itself and that depends on where you live. So do taxes, they make up about a fifth of the cost of your gasoline. But the biggest factor, it`s the

price of crude oil and it`s rising.


AZUZ: There`s several reasons for that. One, the global economy is improving. When that`s at good shape, the demand for oil increases,

causing its price to rise.

Two, political instability. Economic trouble in Venezuela, the ongoing civil war in Syria, uncertainty over the Iran nuclear deal, all of these

things can cause oil prices to go up.

Three, major exporters of oil are pumping less of it. Some of them like Saudi Arabia want crude prices to be higher. Countries whose economies are

dependent on oil sales generally have higher revenues when crude prices go up.

A downside to all of this though is what happens here.

The American Automobile Association says the U.S. national average for a gallon of gas is $2.86. That`s 52 cents higher per gallon than it was a

year ago. And though it`s nowhere near the record of $4.11, hit in 2008, gas prices can eventually hurt the U.S. economy if they climb too high.

Next story is about a CNN Hero named Neal Bermas, a businessman who`d traveled the world but was stopped suddenly by something he saw in Vietnam

back in 1999. It led him to create STREETS International, an organization that offers help with the career path to threatened people between the ages

of 16 and 22. By the end of this year, almost 250 people will have completed the program.


NEAL BERMAS, CNN HERO: I first came to Vietnam almost 20 years ago. There were bands of these four homeless kids on the streets and they were begging

for milk, not for money. It touched me in the way that I couldn`t divorce myself from it.

What`s this fish called? Is it sea bass, no?

I`m a classic New Yorker. I`m passionate and I`m full of energy. I also did a lot of consulting for hotels and restaurants.

I knew the opportunities and so I thought, well, we start to build a bridge here in Vietnam. I was just crazy enough to think that I could make that

happen and here we are.

Hello, everybody.

CROWD: Hello!

BERMAS: The young people in our program come from the whole country, all kinds of very, very difficult past. We have kids with HIV background, kids

from leprosy villages. Some were already been trafficked sometimes more than once.

The banana breads are done.


BERMAS: We offer a structured program for 18 months, either in culinary or hospitality, and a very extensive and important life goes program.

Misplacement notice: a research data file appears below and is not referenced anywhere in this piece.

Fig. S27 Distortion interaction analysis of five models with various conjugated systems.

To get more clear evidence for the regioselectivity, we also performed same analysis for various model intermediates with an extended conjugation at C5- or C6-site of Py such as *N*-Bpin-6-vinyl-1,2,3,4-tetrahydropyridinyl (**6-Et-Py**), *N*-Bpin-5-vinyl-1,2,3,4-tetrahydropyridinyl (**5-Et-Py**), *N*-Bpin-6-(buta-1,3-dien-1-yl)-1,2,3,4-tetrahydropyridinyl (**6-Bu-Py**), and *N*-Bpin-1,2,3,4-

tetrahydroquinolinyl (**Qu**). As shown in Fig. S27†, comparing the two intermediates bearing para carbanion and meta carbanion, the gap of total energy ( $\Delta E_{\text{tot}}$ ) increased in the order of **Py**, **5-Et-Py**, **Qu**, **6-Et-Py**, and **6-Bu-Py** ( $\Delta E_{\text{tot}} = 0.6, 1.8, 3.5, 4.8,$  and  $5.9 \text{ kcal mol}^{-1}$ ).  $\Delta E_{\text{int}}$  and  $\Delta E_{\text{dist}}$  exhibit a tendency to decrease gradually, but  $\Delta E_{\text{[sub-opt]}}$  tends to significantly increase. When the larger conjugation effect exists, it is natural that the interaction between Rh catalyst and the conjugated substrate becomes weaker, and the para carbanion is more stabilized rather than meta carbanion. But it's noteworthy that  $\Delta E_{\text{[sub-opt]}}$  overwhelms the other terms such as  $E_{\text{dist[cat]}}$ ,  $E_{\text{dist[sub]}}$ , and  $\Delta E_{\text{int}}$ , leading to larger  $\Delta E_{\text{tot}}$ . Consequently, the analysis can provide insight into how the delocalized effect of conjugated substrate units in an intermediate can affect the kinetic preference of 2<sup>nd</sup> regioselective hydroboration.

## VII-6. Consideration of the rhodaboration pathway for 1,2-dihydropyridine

Eating healthy.

English language instruction is a big part of what we do.

UNIDENTIFIED FEMALE: If I have good English, I can talk to the guests.

BERMAS: You`ll do great.


The flagship eatery is our restaurant. It`s traditional Vietnamese food.

We have a rather large stretch of a campus between the housing where our young people live, our training center, our three different eateries. So,

all the kids get a bicycle when they come to the program.

Part of the process of selecting and then getting to know our trainees is we see wherever they`re from.

How is mom?

All the young people in our program come from poverty. Poverty without enough to eat. Poverty without electricity, without plumbing.

UNIDENTIFIED FEMALE: Before, we hungry a lot in my family here.

Mr. Neal, he help me to know about how to cooking and English, listening. I get a good job so I had get some money for my family now.

BERMAS: She was employee of the year last year. She just finished STREETS a few years ago. It`s an amazing story.

We raised the aspirations of the whole village and the whole village starts to think about, oh, maybe my kid too.

At the end of 18 months, 100 percent of our kids are fully employed, mostly in four and five star international hotels.

There were certainly moments I thought, are you sure you really want to give up the Upper West Side of Manhattan and come live in Vietnam? But,

of course, I did and it was probably the best if not certainly the most meaningful decision I made in my adult life.


AZUZ: There are a whole lot of people in this world who love pandas just because they`re cute. Whether or not you agree with them, you can`t say

pandas are graceful, at least not this one at the national zoo. First, he gets stuck and then hilariously covers his head like he`s ashamed, and

after a few moments, the inevitable happens.

The zoo says he`s fine, that pandas are built to withstand falls from trees and shortly afterward, he`s up climbing again.

Panda fall, panda go bamboom! May fall he should try a different tree, like one strong as oak, a type less willowy that wouldn`t cause whipping,

one more spruce up. There are deciduously better options, someone should have a coniference with him so he doesn`t get left in the larch.

I`m Carl Azuz for CNN 10.